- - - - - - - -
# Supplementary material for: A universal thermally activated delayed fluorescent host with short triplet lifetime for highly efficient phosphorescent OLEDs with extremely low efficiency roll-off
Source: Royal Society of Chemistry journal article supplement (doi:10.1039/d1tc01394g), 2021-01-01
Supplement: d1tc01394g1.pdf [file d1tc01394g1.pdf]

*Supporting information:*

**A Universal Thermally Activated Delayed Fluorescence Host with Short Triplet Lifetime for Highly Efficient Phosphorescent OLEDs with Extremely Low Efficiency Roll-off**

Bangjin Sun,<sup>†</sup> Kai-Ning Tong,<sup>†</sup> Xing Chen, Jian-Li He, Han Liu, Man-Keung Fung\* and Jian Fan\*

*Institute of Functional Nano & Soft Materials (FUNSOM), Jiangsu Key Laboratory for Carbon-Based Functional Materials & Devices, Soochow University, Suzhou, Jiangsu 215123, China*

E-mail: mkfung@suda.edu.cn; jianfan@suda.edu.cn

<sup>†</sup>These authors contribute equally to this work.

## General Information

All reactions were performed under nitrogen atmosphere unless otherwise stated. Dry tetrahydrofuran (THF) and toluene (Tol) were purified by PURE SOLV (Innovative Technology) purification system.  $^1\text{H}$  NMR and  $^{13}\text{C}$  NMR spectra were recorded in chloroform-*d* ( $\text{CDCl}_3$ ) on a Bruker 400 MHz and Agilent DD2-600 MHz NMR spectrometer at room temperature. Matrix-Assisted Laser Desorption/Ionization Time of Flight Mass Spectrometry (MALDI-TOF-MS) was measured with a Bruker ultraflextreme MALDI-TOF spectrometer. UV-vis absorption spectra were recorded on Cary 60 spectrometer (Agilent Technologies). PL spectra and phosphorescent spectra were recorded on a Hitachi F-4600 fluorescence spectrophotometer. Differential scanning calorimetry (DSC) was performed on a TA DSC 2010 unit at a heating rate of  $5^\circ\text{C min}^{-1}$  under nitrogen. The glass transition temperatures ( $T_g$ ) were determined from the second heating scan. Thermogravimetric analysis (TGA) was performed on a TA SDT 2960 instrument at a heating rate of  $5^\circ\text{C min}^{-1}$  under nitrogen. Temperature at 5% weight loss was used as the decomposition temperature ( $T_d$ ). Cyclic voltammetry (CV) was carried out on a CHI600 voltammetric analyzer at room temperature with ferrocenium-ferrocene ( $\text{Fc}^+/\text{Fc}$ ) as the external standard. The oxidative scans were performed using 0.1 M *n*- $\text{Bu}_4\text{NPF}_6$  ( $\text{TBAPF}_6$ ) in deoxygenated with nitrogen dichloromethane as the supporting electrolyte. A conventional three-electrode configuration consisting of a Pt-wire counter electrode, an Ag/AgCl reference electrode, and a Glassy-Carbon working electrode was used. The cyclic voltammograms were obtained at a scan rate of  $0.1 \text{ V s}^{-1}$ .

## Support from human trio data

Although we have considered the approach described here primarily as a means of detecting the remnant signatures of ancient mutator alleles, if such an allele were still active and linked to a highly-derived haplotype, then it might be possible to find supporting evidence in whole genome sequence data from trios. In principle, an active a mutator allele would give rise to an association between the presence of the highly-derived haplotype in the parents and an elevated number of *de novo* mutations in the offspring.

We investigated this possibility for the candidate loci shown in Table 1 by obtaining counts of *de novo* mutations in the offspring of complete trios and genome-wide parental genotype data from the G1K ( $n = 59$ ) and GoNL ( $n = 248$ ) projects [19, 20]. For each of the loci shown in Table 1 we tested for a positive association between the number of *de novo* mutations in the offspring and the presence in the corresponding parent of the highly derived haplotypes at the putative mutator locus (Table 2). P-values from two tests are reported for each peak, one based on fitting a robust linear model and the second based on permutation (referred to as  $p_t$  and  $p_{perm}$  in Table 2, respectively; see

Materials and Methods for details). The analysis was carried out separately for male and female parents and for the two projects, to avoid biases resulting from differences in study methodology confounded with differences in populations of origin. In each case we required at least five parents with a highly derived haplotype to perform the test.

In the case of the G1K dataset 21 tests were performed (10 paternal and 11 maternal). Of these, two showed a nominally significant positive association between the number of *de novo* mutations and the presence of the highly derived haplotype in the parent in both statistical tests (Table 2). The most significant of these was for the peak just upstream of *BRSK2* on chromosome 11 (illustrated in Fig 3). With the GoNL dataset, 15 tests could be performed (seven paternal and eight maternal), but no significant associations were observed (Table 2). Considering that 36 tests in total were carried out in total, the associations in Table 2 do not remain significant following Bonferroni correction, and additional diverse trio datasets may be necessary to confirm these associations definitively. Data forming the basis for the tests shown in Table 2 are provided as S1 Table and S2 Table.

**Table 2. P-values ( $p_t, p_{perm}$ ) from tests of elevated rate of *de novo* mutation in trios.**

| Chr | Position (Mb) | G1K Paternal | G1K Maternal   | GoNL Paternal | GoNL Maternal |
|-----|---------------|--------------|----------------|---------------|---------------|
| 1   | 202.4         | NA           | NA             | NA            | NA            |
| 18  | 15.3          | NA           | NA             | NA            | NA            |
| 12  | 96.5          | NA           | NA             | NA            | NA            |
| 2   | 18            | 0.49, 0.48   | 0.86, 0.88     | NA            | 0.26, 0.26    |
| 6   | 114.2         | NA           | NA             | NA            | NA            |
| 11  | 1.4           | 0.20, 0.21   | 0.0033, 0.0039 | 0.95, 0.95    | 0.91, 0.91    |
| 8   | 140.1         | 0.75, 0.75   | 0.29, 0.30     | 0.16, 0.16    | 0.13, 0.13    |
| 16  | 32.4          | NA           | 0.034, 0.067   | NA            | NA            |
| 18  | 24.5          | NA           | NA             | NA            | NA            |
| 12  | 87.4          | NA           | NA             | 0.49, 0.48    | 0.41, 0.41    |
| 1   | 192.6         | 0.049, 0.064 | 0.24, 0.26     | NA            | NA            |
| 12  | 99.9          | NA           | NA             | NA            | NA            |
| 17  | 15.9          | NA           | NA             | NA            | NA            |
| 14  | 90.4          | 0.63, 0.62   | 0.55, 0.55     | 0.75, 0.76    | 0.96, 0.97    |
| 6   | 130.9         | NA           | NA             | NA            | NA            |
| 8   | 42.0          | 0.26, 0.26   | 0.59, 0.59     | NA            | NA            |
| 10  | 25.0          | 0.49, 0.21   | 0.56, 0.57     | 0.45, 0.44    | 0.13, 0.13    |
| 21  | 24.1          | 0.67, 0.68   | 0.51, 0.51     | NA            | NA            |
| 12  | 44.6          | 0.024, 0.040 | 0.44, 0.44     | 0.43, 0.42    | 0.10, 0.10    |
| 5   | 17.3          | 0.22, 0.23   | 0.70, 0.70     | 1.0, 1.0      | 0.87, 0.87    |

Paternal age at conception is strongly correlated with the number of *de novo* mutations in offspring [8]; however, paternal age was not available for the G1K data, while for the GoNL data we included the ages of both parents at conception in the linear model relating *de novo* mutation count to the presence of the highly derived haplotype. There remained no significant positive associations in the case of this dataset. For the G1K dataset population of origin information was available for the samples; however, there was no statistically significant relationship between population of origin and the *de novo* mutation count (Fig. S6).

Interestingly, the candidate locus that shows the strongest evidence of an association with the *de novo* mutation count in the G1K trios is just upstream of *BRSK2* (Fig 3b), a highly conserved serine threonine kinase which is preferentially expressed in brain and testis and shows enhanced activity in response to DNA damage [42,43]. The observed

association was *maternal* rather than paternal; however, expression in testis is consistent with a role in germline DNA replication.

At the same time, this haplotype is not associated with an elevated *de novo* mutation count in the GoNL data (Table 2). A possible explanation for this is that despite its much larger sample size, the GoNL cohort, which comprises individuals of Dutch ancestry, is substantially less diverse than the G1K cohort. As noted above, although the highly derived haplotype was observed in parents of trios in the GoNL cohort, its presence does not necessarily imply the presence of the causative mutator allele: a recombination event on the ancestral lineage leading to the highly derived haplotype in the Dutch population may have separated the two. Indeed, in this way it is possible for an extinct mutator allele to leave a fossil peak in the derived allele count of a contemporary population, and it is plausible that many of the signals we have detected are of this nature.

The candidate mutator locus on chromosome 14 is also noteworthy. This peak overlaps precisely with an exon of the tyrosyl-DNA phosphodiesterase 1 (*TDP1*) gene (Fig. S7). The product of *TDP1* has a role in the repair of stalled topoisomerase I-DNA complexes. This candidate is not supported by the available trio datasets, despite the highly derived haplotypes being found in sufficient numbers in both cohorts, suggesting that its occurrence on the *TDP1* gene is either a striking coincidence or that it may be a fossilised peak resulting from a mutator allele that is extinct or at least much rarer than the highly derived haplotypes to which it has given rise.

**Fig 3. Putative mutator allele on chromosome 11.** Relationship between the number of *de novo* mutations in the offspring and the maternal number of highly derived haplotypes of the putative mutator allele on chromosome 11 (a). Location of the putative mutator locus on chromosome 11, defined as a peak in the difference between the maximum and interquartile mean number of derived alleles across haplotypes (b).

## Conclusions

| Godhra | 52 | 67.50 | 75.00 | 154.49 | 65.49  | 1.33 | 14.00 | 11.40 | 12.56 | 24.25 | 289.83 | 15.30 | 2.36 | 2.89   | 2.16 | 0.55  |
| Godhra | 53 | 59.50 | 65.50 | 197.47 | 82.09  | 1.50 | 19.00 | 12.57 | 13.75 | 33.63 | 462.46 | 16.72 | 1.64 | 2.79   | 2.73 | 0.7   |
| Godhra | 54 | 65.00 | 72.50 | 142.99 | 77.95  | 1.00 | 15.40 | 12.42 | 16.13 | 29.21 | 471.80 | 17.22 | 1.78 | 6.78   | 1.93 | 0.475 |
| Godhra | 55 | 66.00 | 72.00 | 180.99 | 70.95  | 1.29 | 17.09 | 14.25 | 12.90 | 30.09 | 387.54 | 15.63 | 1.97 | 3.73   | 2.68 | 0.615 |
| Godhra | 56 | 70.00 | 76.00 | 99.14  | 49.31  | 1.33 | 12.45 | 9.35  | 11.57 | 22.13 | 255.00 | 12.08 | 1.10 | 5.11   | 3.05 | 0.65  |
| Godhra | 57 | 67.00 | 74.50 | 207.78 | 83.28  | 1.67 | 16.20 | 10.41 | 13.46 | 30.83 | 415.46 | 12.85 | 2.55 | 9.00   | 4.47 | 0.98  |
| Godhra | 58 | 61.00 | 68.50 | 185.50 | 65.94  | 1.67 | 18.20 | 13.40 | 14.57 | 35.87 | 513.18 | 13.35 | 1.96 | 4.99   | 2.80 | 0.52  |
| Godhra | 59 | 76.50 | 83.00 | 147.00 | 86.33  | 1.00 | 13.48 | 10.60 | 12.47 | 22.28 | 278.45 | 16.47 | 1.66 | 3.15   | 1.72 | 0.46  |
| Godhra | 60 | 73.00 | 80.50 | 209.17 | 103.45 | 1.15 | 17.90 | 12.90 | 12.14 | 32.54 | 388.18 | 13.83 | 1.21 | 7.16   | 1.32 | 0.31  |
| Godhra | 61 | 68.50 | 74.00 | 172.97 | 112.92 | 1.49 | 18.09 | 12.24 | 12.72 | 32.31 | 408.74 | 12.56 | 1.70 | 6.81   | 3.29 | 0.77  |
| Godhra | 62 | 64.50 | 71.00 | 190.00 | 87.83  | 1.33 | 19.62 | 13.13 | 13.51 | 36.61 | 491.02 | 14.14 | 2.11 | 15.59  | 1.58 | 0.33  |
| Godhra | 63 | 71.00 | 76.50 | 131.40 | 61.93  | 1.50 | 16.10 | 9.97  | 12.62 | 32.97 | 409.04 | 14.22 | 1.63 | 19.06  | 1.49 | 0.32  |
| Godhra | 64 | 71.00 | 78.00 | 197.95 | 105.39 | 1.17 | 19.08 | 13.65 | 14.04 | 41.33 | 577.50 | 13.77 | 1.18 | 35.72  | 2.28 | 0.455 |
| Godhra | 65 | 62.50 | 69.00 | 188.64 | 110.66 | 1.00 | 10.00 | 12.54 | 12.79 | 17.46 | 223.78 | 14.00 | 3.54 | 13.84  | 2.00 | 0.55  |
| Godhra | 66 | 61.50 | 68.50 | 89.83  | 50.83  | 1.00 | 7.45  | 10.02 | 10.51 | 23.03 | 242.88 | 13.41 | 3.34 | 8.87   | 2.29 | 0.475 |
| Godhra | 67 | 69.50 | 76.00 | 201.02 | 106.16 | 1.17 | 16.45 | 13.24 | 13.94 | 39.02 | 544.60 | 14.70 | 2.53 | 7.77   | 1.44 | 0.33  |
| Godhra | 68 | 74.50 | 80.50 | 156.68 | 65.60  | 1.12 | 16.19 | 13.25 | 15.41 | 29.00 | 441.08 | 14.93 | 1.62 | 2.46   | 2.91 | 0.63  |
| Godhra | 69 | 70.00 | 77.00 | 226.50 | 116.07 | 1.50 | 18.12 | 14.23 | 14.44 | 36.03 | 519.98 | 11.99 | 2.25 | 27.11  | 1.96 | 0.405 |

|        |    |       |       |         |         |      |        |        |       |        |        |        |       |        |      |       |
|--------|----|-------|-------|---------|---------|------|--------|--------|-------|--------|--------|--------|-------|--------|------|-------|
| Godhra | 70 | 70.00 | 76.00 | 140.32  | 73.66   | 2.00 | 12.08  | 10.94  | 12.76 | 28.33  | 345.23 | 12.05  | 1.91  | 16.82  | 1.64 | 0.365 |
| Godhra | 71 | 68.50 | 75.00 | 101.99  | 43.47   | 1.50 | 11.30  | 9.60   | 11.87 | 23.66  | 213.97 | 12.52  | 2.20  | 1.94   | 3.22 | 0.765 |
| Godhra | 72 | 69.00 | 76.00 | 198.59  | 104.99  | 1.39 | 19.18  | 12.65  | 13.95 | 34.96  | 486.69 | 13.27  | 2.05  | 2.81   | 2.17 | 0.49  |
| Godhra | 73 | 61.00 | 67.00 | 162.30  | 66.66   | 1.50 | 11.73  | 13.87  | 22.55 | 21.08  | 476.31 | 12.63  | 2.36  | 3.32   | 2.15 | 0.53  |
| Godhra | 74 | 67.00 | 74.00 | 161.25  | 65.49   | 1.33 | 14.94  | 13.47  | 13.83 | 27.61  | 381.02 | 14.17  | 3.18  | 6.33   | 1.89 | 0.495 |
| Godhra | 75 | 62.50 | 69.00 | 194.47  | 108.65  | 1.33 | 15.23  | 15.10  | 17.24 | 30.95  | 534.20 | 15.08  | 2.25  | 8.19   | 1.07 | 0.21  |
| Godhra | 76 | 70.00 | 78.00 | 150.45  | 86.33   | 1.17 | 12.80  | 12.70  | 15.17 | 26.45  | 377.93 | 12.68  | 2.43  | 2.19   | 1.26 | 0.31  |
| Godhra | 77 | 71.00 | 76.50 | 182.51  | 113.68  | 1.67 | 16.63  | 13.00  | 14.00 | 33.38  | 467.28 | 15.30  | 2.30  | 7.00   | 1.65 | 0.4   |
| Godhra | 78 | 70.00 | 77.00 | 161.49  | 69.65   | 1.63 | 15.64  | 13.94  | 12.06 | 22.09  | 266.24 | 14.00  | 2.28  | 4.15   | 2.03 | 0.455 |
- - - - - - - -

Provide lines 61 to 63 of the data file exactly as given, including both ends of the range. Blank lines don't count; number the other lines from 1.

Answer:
| Godhra | 66 | 61.50 | 68.50 | 89.83  | 50.83  | 1.00 | 7.45  | 10.02 | 10.51 | 23.03 | 242.88 | 13.41 | 3.34 | 8.87   | 2.29 | 0.475 |
| Godhra | 67 | 69.50 | 76.00 | 201.02 | 106.16 | 1.17 | 16.45 | 13.24 | 13.94 | 39.02 | 544.60 | 14.70 | 2.53 | 7.77   | 1.44 | 0.33  |
| Godhra | 68 | 74.50 | 80.50 | 156.68 | 65.60  | 1.12 | 16.19 | 13.25 | 15.41 | 29.00 | 441.08 | 14.93 | 1.62 | 2.46   | 2.91 | 0.63  |